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Marcin Kortylewski, Ph.D.
Department of Immuno-Oncology
Beckman Research Institute
City of Hope National Medical Center
How did you become interested in the field of oligonucleotides?
Rather late, after about ten years of graduate and postdoctoral research on signal transduction and tumor immunology in Poland (PUMS), Germany (RWTH) and USA (Moffitt). After moving to City of Hope (CA) in 2005, I found myself in an RNA research hotspot with the epicenter in John Rossi’s lab. With John’s encouragement, I started to explore a possibility of using RNAi for cancer immunotherapy. The turning point was finding a design enabling in vivo delivery to immune cells and potent antitumor immune responses. Three of such immunotherapeutic oligonucleotides are currently in clinical translation. The possibility that any them can make a lasting, positive impact on cancer patients’ lives is exhilarating.
Who were your early mentors? What is special about the type of research/work you’ve done?
My early mentors were Drs. Peter Heinrich and Iris Behrman, who gave me solid foundations in critical thinking and experimental research, and later Dr. Hua Yu, who taught me the value of snubbing scientific dogmas and other skills vital for the independent career. My early work on adopting siRNA oligonucleotides for cancer immunotherapy was possible thanks to continued support and collaboration with John Rossi, a true pioneer of the RNA research, and with Piotr Swiderski, a brilliant synthetic organic chemist.
How did you become involved in OTS?
I attended the first OTS meeting in 2012 looking for an opportunity to learn more about the development of oligonucleotide technologies. From the beginning, I found the OTS meetings to be an excellent venue for open and friendly exchanges with other scientists from very different fields. As an academic investigator, I always enjoyed the interactions with experts from the industry, including such giants as Mano Manoharan or Art Krieg. Seeing this field from different perspectives during OTS meetings is truly refreshing and inspiring.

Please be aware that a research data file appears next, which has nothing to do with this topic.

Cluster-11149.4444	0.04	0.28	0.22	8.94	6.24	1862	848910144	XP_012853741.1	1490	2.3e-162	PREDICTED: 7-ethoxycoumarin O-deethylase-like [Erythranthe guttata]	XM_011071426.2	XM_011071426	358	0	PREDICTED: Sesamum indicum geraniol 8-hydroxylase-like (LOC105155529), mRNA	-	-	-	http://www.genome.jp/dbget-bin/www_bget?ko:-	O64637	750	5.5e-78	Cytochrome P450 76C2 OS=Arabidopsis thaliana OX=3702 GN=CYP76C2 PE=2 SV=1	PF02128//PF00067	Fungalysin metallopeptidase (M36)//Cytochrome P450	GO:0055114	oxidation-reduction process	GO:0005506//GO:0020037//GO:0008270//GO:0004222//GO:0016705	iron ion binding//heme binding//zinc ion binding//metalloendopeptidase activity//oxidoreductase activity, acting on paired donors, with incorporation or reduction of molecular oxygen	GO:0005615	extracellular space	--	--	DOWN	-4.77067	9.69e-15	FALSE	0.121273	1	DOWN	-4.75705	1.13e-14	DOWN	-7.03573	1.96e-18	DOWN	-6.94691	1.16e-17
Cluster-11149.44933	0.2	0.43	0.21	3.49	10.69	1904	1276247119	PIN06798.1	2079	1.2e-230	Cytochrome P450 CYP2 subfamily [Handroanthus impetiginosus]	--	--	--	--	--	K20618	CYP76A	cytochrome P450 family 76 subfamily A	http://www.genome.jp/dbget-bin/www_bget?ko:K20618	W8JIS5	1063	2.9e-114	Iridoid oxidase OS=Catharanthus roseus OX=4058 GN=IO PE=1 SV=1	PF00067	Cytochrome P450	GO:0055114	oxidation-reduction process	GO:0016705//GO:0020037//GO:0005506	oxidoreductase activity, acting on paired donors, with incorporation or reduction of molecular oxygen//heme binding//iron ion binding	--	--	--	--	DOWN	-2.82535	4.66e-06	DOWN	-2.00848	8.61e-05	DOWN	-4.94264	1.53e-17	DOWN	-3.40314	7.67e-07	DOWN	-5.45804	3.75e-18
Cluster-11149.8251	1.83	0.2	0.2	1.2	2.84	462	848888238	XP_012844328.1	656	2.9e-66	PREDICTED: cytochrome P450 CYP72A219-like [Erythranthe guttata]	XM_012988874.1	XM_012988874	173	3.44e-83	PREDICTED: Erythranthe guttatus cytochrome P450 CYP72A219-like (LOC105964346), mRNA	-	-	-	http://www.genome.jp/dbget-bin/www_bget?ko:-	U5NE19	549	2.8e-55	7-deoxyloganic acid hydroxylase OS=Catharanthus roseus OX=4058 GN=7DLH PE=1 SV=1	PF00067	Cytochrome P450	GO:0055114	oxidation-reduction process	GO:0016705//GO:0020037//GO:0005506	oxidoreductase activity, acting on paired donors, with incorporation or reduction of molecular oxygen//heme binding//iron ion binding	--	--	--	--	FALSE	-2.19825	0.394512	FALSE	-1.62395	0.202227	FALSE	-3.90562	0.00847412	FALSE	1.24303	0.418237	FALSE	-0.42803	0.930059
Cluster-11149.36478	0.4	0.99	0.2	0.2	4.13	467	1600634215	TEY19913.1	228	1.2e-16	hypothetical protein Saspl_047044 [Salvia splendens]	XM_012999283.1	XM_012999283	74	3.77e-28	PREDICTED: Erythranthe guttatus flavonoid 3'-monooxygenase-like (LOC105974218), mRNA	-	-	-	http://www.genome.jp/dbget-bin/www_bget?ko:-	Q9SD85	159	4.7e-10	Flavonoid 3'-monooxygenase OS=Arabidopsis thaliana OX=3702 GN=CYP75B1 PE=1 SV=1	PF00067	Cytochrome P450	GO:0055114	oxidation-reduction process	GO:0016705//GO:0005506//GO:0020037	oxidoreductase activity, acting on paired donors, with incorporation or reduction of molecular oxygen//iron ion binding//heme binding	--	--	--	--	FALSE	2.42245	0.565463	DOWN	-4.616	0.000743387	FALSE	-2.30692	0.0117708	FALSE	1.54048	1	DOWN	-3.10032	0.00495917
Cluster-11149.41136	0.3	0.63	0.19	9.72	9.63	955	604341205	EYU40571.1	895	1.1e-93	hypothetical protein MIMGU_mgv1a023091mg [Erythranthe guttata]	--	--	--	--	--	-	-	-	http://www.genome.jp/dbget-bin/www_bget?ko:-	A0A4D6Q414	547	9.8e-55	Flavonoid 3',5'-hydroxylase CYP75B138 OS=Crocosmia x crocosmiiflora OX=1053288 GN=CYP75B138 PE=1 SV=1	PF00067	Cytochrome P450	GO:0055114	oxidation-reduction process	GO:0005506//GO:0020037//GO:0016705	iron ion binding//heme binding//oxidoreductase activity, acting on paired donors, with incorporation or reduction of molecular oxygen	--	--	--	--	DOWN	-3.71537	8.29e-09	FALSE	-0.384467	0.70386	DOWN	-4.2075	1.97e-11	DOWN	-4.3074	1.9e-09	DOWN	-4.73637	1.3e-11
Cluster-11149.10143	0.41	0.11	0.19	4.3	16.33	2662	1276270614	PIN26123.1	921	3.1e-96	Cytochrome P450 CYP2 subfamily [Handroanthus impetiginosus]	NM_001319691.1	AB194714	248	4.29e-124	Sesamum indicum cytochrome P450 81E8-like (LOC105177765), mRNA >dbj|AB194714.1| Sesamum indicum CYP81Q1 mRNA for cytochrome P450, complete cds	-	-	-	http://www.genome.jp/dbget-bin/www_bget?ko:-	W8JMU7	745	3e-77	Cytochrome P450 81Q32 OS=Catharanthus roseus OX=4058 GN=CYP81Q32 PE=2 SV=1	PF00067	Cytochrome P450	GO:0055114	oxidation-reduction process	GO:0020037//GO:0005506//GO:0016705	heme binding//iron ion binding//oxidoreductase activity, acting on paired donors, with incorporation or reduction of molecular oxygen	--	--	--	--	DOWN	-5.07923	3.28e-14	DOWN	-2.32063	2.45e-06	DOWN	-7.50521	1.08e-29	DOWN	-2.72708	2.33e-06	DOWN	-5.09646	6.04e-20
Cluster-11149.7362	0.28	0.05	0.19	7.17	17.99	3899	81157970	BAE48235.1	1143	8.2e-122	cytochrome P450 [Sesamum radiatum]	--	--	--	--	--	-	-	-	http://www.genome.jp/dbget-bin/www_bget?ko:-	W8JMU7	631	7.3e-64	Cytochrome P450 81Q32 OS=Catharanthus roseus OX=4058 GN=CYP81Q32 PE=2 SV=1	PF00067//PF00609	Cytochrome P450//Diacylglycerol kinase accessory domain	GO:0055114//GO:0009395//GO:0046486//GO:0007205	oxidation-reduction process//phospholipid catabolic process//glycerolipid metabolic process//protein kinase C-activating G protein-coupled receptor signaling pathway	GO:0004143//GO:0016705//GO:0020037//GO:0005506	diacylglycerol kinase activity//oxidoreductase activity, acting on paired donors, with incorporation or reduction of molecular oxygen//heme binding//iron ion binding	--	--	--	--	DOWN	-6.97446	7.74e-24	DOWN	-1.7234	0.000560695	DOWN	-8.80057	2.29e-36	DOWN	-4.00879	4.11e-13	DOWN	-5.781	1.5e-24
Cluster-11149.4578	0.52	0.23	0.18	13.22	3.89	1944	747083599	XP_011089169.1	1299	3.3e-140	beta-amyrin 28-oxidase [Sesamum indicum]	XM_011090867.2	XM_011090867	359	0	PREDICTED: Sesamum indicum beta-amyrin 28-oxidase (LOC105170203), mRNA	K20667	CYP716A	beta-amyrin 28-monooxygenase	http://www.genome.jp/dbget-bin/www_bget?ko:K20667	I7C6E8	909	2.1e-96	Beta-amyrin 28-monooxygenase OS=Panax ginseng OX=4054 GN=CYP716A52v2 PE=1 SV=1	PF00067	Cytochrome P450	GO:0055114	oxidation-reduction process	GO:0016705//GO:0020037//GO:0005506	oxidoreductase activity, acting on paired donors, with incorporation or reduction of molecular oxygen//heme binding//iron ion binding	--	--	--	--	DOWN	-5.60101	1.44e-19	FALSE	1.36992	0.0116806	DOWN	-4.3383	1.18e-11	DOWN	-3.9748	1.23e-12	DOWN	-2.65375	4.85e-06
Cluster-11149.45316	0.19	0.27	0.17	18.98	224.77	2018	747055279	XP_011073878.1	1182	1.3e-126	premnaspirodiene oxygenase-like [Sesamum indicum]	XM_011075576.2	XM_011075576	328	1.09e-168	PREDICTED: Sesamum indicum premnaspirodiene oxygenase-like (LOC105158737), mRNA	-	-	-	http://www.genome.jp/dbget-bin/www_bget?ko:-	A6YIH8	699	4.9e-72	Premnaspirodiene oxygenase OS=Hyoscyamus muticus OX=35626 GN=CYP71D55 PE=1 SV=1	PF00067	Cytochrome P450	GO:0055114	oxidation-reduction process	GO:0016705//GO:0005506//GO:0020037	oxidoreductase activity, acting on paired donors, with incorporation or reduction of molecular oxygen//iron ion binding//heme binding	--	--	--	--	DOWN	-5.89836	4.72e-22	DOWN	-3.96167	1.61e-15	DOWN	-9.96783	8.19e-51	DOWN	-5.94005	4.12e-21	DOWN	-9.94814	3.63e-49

Why do you continue to support the OTS?
The OTS has been doing a lot to ensure that oligonucleotides and their therapeutic potential is recognizable not only to scientists but also clinicians and the general public. With a growing number of oligonucleotide drugs, this part of the OTS mission continues to gain importance. I am convinced that ONTs will eventually take a spot among monoclonal antibodies and small molecules as a major drug type, especially in immunotherapies.
What is special about the type of research/work you’ve done?
Research in my lab stems from the idea that effective cancer immunotherapy needs to address at the same time positive and negative regulation of immune response. And oligonucleotides are uniquely suited for such purpose. The sensitivity of innate immune cells to certain motifs in nucleic acids can be utilized for immunostimulation and targeted delivery, while siRNA or ASO can silence the undruggable master regulators of immune activity (e.g. STAT3 or NF-kB). Our bi-functional CpG-STAT3 inhibitors proved that such a combination of releasing a brake (STAT3 siRNA/ASO) with pushing an accelerator (CpG immunostimulation) was necessary and sufficient for jump-starting immune attack against various types of cancers in mice. Thus, while the immunogenicity of siRNA or ASO is generally unwanted, it can play essential role for immuno-oncology applications. We are thrilled that the first generation of our bi-functional oligonucleotides has passed the necessary preclinical safety studies and should soon be tested in the clinical trials.
What do you like to do in your free time?
Together with my wife and son, we try to spend as much time outdoors as possible. We camp, hike and bike in scenic locations of California, Utah and Arizona. With a rooftop-tent installed on our car two years ago, seeing it every morning became a great motivator to escape the city whenever possible.
Any other fun facts/tidbits you’d like us to know! (What book you’re currently reading? A unique hobby?
One of the best books I have read recently is “Why we sleep” by Mathew Walker. Great read with extensive evidence on the importance of getting enough shut-eye for all aspects of life.
So, my new hobby is actually quite boring…